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Defensive medicine is a major issue of contemporary relevance to the US health care system today. The saying “better safe than sorry” is not always relevant especially in the case of putting patients health at risk. Physicians participate in this unlawful practice for two major reasons. One is to prevent themselves from the possibility of being involved in a lawsuit where they would be sued for undertreating a patients condition and the other major reason is to make profit. In order fully understand what defensive medicine is, background information will be provided, statistics will be shown to prove the relevance of the topic and additional effects and ways to try and prevent the practice of defensive medicine will be stated.
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Introduction With movements made by the governments and medical professionals of developed countries in the interests of giving patients more choice, the definition of “healthy,” especially in contemporary society, has become subjective (Freemantle and Hill 2002, Armstrong 1995, Bury 2008, Van Krieken et al. 2006: 379-380). Variations in interpretation appear between groups divided along socio-political, demographical lines, or even between individuals themselves (Freemantle and Hill 2002: 864, Heath 2005: 954, Blaxter 2000:44, Van Krieken et al. 2006). This ambiguity has underscored debates and conflicts in recent years between patients, academics, politicians, and medical practitioners on issues of medical authority, the extent of involvement in the decision making process over personal health as well as the health of others related to them through social structures and institutions (Van Krieken et al.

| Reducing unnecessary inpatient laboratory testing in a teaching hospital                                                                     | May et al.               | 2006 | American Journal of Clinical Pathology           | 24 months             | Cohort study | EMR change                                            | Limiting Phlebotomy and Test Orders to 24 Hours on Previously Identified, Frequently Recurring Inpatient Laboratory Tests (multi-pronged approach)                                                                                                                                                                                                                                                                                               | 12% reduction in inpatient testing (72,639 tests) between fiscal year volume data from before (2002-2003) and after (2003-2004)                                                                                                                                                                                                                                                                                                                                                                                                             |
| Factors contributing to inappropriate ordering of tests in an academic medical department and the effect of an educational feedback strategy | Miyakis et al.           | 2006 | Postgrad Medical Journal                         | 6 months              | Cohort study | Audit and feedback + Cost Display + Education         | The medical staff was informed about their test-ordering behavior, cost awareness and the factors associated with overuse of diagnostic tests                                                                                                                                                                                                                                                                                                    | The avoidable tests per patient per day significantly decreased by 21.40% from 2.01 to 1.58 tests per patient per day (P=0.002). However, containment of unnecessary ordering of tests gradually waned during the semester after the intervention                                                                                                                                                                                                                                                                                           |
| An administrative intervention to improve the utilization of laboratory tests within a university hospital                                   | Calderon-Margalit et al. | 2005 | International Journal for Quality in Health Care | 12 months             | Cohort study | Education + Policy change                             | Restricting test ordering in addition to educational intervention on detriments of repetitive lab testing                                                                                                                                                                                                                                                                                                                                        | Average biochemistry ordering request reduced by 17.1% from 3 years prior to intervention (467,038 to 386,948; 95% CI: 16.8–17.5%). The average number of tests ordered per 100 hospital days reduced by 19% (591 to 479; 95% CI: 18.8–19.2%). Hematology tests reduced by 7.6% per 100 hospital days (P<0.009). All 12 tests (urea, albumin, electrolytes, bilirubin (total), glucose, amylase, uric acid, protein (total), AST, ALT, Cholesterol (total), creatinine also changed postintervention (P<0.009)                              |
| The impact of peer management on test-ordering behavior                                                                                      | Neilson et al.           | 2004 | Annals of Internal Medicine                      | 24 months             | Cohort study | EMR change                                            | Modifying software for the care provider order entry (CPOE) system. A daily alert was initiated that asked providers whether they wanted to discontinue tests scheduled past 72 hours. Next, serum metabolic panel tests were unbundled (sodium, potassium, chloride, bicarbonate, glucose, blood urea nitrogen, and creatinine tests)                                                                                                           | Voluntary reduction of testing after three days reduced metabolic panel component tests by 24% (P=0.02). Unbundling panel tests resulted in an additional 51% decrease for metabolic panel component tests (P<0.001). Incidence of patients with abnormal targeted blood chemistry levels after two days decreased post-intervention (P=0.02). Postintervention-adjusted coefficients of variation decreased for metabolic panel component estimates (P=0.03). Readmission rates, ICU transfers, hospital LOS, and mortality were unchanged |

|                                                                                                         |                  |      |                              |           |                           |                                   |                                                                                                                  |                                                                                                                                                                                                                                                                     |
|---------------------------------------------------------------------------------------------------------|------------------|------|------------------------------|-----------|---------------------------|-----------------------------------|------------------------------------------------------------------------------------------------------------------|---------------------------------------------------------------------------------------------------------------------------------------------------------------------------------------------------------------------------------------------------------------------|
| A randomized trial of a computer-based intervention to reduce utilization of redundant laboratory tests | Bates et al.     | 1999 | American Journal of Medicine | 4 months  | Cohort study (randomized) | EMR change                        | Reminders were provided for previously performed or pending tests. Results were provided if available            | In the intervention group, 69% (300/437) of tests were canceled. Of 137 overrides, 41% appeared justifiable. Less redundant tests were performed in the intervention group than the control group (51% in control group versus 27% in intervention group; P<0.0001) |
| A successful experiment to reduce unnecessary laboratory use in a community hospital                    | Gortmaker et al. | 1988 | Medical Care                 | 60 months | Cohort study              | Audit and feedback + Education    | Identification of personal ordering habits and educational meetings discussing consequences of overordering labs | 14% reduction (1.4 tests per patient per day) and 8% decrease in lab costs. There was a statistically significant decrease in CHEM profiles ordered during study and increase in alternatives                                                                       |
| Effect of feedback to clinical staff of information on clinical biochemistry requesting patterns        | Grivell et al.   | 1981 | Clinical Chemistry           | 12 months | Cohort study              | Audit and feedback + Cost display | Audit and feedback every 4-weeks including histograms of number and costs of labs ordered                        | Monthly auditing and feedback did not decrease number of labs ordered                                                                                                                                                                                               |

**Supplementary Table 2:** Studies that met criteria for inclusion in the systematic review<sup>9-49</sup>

Retrieved from http://ezproxy.library.capella.edu/login?url=http://search.ebscohost.com.library.capella.edu/login.aspx?direct=true&db=sih&AN=50913935&site=ehost-live&scope=site Diez Roux, A. V. (2011). Complex systems thinking and current impasses in health disparities research. American Journal of Public Health, 101(9), 1627-1634. doi:10.2105/AJPH.2011.300149 Hunter, D., & Perkins, N. (2012). Partnership working in public health: The implications for governance of a systems approach. Journal of Health Services Research & Policy, 17, 45-52. doi:10.1258/jhsrp.2012.011127 Stewart, Jenny & Ayres, R. (2001).